Throughout my career, I have been banging the drum for fairer representation across all of our industries, and I was proud to serve as Minister for Women and Equalities for two years.

And representation is particularly important for our broadcasters.

Not just because it is right and just.

But because our broadcasters are most effective, and most relevant, when they channel the diversity of perspectives and backgrounds that make the country great.

And to achieve this aim, you need to hire people who can reflect this, and also make sure they are in the rooms where important decisions are made.

Today’s Ofcom report shows that while progress has been made in some areas, including in senior management gender balance and minority ethnic representation, there remains more to do.

So I want to see all broadcasters working harder to promote diversity of all kinds, at all levels.

The Creative Industries Council’s newly announced Diversity Charter is a strong statement of intent and includes a number of positive commitments.

Regional diversity is also vital and Channel 4 will soon be opening new offices in Leeds, Bristol and Glasgow as part of a commendable effort to increase its regional impact.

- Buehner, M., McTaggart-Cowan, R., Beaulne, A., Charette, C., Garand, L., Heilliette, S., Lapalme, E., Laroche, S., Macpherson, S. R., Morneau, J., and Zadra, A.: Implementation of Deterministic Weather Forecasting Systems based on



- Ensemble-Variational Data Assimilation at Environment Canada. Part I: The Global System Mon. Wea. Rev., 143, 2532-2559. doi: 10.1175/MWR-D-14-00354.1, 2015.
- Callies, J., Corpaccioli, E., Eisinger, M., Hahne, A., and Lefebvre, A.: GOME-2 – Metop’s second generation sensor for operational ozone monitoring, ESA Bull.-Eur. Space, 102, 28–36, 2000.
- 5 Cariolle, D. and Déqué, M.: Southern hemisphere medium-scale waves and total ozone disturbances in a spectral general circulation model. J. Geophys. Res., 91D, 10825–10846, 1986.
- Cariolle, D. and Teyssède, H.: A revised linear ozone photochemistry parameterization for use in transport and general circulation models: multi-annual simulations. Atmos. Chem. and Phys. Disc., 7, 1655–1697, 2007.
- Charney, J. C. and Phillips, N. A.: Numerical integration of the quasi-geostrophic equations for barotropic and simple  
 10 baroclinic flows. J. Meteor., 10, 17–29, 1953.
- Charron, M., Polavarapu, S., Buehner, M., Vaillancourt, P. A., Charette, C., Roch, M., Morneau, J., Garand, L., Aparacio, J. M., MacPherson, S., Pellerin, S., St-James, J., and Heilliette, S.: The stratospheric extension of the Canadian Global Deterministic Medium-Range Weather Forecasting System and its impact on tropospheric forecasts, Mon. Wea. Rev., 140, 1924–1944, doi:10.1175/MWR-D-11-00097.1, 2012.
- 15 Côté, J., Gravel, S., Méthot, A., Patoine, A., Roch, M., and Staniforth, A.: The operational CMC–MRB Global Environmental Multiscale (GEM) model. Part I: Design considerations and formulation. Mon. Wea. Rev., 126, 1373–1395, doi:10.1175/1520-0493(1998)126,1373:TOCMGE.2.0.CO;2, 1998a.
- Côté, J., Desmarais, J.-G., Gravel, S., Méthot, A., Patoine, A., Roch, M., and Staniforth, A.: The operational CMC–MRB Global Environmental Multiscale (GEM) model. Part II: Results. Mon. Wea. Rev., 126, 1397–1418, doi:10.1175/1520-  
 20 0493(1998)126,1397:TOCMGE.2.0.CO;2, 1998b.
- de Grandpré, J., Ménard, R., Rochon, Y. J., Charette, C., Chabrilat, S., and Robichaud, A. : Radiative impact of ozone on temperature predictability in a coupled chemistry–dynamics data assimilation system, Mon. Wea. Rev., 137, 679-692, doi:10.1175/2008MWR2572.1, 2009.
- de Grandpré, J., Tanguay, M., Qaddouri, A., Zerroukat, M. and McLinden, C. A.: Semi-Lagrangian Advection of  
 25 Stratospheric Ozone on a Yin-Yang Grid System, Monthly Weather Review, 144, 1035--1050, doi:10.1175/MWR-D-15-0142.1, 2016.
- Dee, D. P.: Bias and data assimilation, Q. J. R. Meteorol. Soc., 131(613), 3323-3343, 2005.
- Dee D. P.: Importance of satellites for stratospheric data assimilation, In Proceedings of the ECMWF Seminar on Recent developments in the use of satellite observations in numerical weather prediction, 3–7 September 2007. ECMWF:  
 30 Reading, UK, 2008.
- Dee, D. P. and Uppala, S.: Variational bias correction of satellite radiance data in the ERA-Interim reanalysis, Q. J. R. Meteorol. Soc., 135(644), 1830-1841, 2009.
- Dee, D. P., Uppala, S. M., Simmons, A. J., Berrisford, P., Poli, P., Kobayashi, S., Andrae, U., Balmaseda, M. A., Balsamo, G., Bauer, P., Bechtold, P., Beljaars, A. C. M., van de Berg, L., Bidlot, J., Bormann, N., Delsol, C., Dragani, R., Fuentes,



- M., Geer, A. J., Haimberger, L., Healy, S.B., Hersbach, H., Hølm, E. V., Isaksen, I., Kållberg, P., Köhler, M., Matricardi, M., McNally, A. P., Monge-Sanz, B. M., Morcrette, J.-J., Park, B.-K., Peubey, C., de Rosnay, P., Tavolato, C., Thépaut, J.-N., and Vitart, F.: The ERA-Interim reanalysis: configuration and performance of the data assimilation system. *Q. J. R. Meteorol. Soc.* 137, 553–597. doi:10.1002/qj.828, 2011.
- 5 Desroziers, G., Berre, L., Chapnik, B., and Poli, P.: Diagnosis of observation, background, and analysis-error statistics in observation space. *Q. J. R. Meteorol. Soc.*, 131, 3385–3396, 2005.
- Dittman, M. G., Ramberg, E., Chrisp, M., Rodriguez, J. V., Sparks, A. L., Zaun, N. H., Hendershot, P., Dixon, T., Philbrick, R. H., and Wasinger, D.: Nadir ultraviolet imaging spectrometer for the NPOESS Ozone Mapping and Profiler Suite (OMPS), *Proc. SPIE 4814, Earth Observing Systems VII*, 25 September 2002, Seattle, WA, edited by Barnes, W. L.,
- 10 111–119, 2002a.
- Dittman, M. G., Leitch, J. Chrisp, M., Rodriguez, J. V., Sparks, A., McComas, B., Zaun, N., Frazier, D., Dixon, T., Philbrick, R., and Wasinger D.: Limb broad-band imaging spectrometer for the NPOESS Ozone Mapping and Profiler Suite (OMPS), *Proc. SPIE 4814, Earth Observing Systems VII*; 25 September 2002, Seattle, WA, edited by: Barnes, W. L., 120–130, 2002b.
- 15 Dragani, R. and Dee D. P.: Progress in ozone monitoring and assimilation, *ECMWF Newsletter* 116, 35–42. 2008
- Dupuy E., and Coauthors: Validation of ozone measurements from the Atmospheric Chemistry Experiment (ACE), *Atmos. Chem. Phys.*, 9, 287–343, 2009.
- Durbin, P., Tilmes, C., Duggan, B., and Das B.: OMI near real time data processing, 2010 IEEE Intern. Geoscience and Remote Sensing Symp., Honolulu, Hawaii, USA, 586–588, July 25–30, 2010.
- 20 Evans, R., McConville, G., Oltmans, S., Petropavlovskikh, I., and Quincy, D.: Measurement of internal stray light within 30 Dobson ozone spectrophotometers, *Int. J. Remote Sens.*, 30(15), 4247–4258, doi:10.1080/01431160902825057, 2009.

I also welcome the creative steps that commercial broadcasters have taken to promote a diverse industry and economy.

For example, Sky’s Innovation Centre, which is providing girls of school leaving age the chance to learn coding for free.

I want to say to our commercial broadcasters – you too are central to our television sector.

Non PSB broadcasters are now investing more than 1.1 billion pounds a year in UK content.

This is a sector that delivers culturally and economically, and provides for all audiences.

So please, keep investing, keep finding new and diverse talent, and keep deepening the roots that you have developed in the UK.

Expectations are changing, not just around what and who we see on our screens but also around how these shows are produced.

In the digital age, the spotlight can be intense for those who take part in popular shows.

Viewers have easy access to participants via social media, and video clips can last forever online, meaning fame can be an overwhelming experience for many people.

And I am pleased that broadcasters have recognised this and are putting steps in place to reduce potential harm.

I welcome the Ofcom consultation in this area and the progress that our broadcasters have been making. And we will also look carefully at the DCMS Select Committee’s findings when they report later this year.

Just as our broadcasters set a global standard in so many areas, I want to see them doing the same for how they treat their participants.